Struggling to balance their books, Kentucky's colleges and universities eagerly await their share of a massive pot of federal stimulus money.
But like almost everything associated with that $780 billion spending bill Congress approved this spring, it won't be a simple process.
The chief issue is whether universities should use some of Kentucky's portion of the one-time stimulus money to fund their basic on-going needs: employee health care, rising utility bills and program funding
After all, the stimulus money won't last forever.
Never miss a local story.
"If you use those dollars to preserve (existing) funding levels, when that money goes away you have a hole," said Mary Lassiter, Kentucky's state budget director. "It becomes more difficult."
Therein lies the tricky budgeting puzzle that awaits educators and state officials once they get a clearer picture of the state's financial health and unravel the strings attached to stimulus funds by the federal government.
Kentucky is slated to receive about $3 billion in such funds over the next 26 months, according to Gov. Steve Beshear's office.
About $535 million of so called State Fiscal Stabilization money can go to education, which Beshear will divide between K-12 and universities and colleges.
How that money will be divvied out and for what purposes hasn't been decided.
"Until you know the magnitude of the state shortfall for next year, it's premature to make judgements about what is the best use of the dollars," Lassiter said.
The next month will be crucial.
Beshear has said he wants to see state tax receipts for April before asking a panel of economists to make state government revenue estimates for fiscal year 2010, which begins July 1. Once the Consensus Forecasting Group draws up the state's financial road map, Beshear has said he'll decide whether he needs to call a special General Assembly session to deal with any shortfall.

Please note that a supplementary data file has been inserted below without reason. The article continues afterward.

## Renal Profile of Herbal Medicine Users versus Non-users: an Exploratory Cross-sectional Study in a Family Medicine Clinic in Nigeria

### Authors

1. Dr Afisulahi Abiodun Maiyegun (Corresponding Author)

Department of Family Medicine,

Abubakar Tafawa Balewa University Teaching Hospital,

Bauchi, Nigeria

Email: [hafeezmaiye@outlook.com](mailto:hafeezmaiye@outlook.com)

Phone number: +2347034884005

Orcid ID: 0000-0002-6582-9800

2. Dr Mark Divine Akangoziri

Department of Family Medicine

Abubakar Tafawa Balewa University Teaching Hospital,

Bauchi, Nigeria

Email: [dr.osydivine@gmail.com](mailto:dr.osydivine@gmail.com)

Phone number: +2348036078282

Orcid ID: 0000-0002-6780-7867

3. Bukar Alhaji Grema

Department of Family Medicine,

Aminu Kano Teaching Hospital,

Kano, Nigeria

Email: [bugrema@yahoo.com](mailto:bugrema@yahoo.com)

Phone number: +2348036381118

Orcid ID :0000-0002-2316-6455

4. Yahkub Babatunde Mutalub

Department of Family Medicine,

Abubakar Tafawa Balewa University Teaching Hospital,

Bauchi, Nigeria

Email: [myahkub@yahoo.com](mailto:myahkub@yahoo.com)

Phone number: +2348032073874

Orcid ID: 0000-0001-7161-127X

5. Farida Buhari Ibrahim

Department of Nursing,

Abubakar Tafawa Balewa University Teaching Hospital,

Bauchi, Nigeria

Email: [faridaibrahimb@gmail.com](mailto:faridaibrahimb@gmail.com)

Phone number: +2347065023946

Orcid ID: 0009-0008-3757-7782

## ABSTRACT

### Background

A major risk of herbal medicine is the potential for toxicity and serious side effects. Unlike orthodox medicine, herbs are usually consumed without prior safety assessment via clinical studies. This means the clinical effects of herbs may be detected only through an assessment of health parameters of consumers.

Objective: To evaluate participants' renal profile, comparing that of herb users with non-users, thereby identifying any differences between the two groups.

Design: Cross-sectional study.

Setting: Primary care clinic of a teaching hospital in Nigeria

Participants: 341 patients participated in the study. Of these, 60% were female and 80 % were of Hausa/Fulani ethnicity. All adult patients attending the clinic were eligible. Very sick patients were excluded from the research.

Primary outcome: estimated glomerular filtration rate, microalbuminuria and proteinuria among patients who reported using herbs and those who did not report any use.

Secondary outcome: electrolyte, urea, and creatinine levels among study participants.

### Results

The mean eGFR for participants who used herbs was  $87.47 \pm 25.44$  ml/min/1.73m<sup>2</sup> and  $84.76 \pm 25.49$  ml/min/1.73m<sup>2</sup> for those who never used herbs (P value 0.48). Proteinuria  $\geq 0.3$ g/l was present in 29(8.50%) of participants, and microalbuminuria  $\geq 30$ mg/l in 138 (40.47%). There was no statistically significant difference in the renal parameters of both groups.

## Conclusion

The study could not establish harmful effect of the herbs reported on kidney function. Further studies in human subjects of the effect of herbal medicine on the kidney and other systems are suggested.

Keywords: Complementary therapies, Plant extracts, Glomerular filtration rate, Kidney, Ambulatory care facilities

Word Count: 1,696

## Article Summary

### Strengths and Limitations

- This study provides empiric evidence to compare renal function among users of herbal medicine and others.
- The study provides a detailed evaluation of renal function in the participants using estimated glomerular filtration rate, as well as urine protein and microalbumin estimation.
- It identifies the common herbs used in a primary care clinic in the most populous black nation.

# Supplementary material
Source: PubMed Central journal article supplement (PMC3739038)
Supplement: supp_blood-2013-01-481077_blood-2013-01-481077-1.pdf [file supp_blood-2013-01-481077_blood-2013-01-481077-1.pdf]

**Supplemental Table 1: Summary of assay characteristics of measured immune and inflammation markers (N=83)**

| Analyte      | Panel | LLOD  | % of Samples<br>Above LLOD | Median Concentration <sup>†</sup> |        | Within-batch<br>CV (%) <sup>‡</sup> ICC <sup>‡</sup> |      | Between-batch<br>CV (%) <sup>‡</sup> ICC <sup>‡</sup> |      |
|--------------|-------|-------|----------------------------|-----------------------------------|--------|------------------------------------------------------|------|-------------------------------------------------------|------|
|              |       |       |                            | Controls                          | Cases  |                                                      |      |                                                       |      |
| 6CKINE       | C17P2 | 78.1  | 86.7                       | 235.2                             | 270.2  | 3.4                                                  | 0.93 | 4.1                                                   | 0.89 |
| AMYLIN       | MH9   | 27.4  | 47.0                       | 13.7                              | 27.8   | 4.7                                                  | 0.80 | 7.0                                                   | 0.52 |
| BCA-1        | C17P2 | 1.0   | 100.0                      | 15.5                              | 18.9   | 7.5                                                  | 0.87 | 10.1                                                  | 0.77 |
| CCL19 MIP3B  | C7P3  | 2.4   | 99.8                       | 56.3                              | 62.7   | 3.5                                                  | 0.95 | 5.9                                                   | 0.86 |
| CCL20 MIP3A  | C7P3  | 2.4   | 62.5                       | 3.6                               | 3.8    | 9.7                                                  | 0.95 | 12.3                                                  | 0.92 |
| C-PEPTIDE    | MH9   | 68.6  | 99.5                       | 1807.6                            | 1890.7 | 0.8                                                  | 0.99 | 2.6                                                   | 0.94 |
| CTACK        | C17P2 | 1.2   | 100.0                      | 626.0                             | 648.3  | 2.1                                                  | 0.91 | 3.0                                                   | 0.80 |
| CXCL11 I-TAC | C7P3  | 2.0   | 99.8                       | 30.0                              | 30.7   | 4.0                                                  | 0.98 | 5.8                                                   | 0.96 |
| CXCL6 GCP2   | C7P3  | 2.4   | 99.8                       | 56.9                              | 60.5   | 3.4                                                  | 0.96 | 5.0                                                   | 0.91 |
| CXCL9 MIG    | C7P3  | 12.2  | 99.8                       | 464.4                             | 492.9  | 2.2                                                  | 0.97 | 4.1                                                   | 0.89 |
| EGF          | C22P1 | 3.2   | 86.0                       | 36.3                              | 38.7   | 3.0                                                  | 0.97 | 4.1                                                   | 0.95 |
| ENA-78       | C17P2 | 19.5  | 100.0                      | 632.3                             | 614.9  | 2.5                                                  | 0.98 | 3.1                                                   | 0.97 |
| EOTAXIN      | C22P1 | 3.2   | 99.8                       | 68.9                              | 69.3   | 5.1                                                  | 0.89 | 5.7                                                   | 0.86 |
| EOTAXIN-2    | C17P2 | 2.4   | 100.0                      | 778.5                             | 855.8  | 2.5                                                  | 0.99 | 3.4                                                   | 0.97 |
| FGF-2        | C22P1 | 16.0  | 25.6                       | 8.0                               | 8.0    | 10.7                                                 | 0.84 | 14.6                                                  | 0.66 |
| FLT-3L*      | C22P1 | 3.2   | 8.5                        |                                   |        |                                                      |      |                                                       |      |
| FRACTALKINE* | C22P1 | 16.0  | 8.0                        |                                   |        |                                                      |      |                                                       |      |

Higher education leaders say they hope the universities aren't held out as bargaining chips or caught up in political gamesmanship during debates about the need for new revenue.
"Are we strategically going to use higher ed as a flash point to make the case for more revenue? I haven't had any of those conversations," Lassiter said.
Staying above sea level
The U.S. Department of Education has recently begun issuing more specifications about how federal officials would like to see states spend the education stimulus money.
Some rules seem to be aimed at discouraging states from substantially slashing education budgets then "backfilling" them with stimulus money, said John Hayek, the Council on Postsecondary Education's interim vice president of finance.
The guidance from Washington seems to steer universities toward using stimulus money as shots of financial adrenaline to make equipment upgrades or building renovations rather than being simple budget Band-Aids.
For instance, Kentucky State University needs a $2 million boiler to help heat its buildings — funding the state hasn't made available. The University of Kentucky will need to outfit its new 280,000 pharmacy building that is scheduled to open next year.
One of the biggest stipulations the U.S. government placed on stimulus funds for higher education is that states must stay above their 2006 funding levels for public college operations.
Kentucky is providing more than $27 million more in fiscal year 2009 than the $978 million it did three years ago despite two round of budget cuts in the last year.
In the meantime, university leaders are joining forces to help Kentucky win more money from another part of the federal stimulus bill.
Hundreds of millions of dollars will be available in the form of massive research grants through entities such as the National Institutes of Health, U.S. Department of Energy and U.S. Department of Homeland Security.
The individual universities already have some grant proposals they've been working on in the hopper, but the Council on Postsecondary Education has convened the college presidents and top academic officers to put together three-page proposals in six specific areas where the institutions can work together.
"What we're looking for is some bigger ideas that might encourage collaborative projects around certain areas of research," said Robert L. King, president of the Council on Postsecondary Education.
About 25-30 faculty members from public and private Kentucky colleges are participating.
King said the groups are aiming to finish their project outlines by the end of this month before those federal agencies put out their requests for proposals in May .
"This was just our thinking about how to best position the state of Kentucky and our universities to go after that money," he said. "We were looking for areas that have some specific impact in the state of Kentucky."